“Perfect” Strangers

When I wake up from the nap, the fever is still there. Looking around, I notice that in between the time when I passed out and now, all the ninety bunk beds in the room have filled up. People are quietly going about their business, reading, writing, washing clothes, and resting their tired muscles. I don’t recognize anyone. Most of the familiar faces seem to have moved on. 

Bedroom for close to a 100 people
I try to reach over and grab my water bottle from the foot of my bed when a faintly familiar man passes by. He tries to find out what’s wrong but doesn’t understand what I’m saying. He leaves and comes back with a big Hungarian man who speaks fluent English; very quickly, the Hungarian man -- Istvan -- is convinced that I have what he had and strongly advises me to go to the doctor.  It turns out that he got caught up in the cold weather without proper winter gear and got a really bad fever and chills and almost died. On hearing his story, I gather enough strength to eat so I can take medicine. Istvan kindly hands me some medicine along with a quarter of a baguette from my bag on the floor.  A German lady offers me her banana.  Just moments ago, I felt like I didn’t know anyone and a bit lost in a crowd of ninety people -- but here I am.  If I didn’t get up to grab my water at the exact same time that the familiar man was passing by – I wonder if anyone would’ve even noticed that I was really sick. I eat and quickly slide back into my sleeping bag on the top bunk, covered from head to toe.  Because the high fever didn't subside, I wake up once again to take a Tylenol and then sleep through the rest of the night.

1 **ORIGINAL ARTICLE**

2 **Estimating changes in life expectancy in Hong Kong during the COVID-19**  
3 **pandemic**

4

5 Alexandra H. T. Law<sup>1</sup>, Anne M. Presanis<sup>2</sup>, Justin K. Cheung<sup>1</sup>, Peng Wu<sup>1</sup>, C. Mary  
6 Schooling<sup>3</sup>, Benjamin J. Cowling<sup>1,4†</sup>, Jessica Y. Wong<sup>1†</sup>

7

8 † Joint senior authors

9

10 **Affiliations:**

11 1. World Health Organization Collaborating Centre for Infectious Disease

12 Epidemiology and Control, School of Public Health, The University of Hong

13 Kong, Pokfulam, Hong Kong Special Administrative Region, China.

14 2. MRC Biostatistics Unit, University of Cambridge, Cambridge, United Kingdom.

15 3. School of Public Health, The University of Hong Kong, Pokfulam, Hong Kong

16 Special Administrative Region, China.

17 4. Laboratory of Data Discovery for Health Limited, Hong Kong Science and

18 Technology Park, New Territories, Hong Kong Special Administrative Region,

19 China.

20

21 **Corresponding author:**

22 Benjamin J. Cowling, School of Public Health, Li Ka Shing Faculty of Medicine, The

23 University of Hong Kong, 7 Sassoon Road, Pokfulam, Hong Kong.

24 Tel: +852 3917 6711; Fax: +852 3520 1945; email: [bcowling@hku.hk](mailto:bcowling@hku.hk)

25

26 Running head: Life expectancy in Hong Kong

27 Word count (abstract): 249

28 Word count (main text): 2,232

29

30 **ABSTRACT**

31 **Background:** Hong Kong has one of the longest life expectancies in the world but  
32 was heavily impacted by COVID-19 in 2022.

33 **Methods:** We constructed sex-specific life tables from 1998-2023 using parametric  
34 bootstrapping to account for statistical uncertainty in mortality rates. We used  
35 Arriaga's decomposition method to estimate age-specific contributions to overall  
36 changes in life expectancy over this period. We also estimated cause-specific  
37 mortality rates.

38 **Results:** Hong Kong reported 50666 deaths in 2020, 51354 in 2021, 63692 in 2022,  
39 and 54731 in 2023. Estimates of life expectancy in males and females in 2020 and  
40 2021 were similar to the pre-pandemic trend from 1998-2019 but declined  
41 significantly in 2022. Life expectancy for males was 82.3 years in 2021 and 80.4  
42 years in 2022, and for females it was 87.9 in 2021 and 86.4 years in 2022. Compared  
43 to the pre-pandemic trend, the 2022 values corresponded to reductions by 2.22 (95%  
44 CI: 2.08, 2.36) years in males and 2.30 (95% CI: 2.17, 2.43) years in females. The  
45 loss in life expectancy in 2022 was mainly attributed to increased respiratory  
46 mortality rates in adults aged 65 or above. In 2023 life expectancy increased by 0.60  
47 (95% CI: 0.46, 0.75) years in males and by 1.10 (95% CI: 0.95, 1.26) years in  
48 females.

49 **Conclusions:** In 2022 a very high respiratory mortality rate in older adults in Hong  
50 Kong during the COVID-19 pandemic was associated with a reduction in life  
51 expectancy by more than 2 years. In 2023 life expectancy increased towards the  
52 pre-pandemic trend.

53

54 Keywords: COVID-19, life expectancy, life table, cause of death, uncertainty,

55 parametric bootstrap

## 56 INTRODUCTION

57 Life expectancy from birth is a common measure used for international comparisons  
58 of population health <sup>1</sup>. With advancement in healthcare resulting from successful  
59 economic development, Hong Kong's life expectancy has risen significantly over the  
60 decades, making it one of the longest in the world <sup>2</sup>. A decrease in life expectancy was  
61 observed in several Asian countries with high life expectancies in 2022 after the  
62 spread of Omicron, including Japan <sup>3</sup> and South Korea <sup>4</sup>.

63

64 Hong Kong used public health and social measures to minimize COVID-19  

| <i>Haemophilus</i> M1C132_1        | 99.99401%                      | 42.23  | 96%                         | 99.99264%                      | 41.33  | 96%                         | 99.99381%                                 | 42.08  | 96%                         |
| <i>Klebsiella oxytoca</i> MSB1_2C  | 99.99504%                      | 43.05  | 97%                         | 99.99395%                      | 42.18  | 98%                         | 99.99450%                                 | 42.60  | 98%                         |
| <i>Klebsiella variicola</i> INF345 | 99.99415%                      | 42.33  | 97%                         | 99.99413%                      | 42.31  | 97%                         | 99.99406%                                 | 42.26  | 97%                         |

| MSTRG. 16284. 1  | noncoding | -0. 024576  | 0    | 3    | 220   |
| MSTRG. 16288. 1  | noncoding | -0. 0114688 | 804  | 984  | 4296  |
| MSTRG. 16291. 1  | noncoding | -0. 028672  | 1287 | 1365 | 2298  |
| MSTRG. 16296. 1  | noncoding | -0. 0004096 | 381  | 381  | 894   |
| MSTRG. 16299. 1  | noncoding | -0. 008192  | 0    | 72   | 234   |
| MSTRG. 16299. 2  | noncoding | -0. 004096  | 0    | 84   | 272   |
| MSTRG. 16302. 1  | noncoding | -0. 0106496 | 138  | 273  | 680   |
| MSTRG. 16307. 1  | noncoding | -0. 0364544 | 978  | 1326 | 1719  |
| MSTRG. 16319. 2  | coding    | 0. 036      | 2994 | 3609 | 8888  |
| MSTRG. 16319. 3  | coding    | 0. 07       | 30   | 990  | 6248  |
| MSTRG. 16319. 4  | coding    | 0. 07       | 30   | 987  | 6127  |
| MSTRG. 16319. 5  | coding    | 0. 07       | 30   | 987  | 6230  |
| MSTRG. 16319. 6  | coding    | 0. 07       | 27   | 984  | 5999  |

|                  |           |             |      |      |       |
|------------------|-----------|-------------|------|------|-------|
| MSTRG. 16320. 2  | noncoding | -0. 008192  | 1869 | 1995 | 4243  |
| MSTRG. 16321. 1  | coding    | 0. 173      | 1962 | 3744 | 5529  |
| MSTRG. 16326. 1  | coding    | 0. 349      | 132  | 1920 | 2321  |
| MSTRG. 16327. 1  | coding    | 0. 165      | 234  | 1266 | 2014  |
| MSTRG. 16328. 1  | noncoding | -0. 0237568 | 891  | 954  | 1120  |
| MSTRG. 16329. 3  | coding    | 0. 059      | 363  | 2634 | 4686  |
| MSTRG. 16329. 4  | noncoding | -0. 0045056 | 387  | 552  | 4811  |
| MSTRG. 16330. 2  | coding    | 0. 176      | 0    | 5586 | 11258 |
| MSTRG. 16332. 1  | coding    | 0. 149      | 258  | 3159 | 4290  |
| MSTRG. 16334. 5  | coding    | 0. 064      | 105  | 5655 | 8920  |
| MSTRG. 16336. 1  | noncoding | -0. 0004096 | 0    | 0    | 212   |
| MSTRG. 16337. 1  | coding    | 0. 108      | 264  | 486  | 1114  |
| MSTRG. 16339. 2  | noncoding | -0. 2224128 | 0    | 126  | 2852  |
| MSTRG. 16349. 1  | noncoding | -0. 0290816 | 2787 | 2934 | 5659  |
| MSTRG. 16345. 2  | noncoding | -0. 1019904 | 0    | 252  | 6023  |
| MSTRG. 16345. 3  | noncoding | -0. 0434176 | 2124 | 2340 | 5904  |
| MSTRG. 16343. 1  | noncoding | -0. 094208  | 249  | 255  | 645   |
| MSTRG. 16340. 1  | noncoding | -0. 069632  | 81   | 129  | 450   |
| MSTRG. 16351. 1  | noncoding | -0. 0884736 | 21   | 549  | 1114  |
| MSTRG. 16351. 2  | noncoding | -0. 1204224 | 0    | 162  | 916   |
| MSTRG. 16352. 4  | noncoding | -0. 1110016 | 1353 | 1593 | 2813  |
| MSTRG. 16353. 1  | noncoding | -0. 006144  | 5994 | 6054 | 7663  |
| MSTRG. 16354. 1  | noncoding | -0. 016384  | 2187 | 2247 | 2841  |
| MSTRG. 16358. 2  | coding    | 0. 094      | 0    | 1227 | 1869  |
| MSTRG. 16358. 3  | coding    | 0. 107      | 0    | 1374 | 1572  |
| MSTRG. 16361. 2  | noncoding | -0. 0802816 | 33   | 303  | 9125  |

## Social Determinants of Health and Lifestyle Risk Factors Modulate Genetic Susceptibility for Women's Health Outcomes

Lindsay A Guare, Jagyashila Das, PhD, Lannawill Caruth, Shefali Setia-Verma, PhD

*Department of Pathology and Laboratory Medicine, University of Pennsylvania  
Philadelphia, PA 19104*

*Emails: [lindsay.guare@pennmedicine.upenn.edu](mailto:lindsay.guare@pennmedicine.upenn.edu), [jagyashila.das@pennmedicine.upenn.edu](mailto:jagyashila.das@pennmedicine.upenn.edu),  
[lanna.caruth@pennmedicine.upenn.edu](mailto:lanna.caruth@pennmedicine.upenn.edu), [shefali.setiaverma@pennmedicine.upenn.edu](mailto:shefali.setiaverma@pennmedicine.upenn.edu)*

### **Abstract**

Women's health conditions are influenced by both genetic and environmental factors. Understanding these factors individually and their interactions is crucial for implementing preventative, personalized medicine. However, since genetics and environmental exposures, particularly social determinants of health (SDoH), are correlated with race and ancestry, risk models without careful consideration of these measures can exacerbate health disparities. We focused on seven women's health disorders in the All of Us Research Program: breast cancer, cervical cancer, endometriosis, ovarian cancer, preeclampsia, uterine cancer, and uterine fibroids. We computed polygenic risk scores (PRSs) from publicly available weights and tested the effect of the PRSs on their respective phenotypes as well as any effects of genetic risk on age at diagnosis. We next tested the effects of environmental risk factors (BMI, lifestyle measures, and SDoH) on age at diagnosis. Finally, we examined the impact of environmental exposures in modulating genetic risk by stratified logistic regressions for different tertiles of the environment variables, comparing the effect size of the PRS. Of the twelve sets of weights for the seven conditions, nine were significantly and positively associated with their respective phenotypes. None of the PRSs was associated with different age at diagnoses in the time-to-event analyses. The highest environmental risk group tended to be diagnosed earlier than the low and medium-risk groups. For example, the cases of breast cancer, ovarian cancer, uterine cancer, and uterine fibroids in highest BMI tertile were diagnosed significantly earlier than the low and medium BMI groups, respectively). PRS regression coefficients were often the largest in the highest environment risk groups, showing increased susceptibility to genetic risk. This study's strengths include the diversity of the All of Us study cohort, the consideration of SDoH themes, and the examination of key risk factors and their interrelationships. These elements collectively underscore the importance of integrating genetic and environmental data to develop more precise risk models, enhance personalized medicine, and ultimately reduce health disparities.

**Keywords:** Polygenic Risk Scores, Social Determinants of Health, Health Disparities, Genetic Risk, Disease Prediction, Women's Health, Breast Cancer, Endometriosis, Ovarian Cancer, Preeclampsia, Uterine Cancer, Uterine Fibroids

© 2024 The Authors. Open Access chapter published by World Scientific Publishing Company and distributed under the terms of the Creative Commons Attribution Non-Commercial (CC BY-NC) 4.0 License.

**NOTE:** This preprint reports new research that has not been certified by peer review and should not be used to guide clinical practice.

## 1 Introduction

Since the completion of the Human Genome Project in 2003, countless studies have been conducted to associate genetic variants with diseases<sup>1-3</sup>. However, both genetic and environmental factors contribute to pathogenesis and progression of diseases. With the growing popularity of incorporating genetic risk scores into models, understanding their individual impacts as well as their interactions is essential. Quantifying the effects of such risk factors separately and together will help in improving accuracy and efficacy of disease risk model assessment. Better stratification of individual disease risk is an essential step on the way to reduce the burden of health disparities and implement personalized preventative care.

On Istvan’s suggestion, I was planning on asking the Refugio if I can spend an extra day. But to my surprise, I woke up at six in the morning feeling rejuvenated, ready to hit the road and have things go back to “normal”. Taking a peak outside at the rain, I knew I would need to wear a pancho; And I promised myself that I would walk slowly without overexerting myself. It was a beautiful walk. When I stopped to take a break at a café, I ran into Istavan again.  Almost flabbergasted to see me walking, he greeted me with a big smile. “We would’ve left you for dead,” he joked.  Every time I took a break, I was greeted with friendly smiles from people I’d never met.  "It’s a Camino miracle," someone said.

That same evening, when I couldn’t stop coughing, I got an impromptu physical from a man sitting across from me at dinner -- who happened to be a doctor. His final diagnosis was that I would live and prescribed me, “Vegetable Juice”. Rather serendipitously, I got back to my bed after dinner to find that another pilgrim had left a bottle of vegetable juice on my bed!  It took me two days to figure out who it was from. I felt like the whole universe was conspiring to help me. The kindness was coming in from all sides. It was almost too much to take in and I couldn’t wait to get better so I could start paying forward the kindness of strangers. 

The Camino has many lessons to teach: we are never given more than what we can handle. If it appears that we can’t handle something at first, it only means that we need to sharpen the tools that are already at our disposal. And indeed miracles do happen every day -- we just need to have the eyes to see them. 

1 comment:

  1. Wow! What a great post. I am glad you felt better by the time I got to the end. I totally believe this too: "I felt like the whole universe was conspiring to help me" It's one of those feelings that just fill you to the brim with joy. Here's to more recovery and more walking.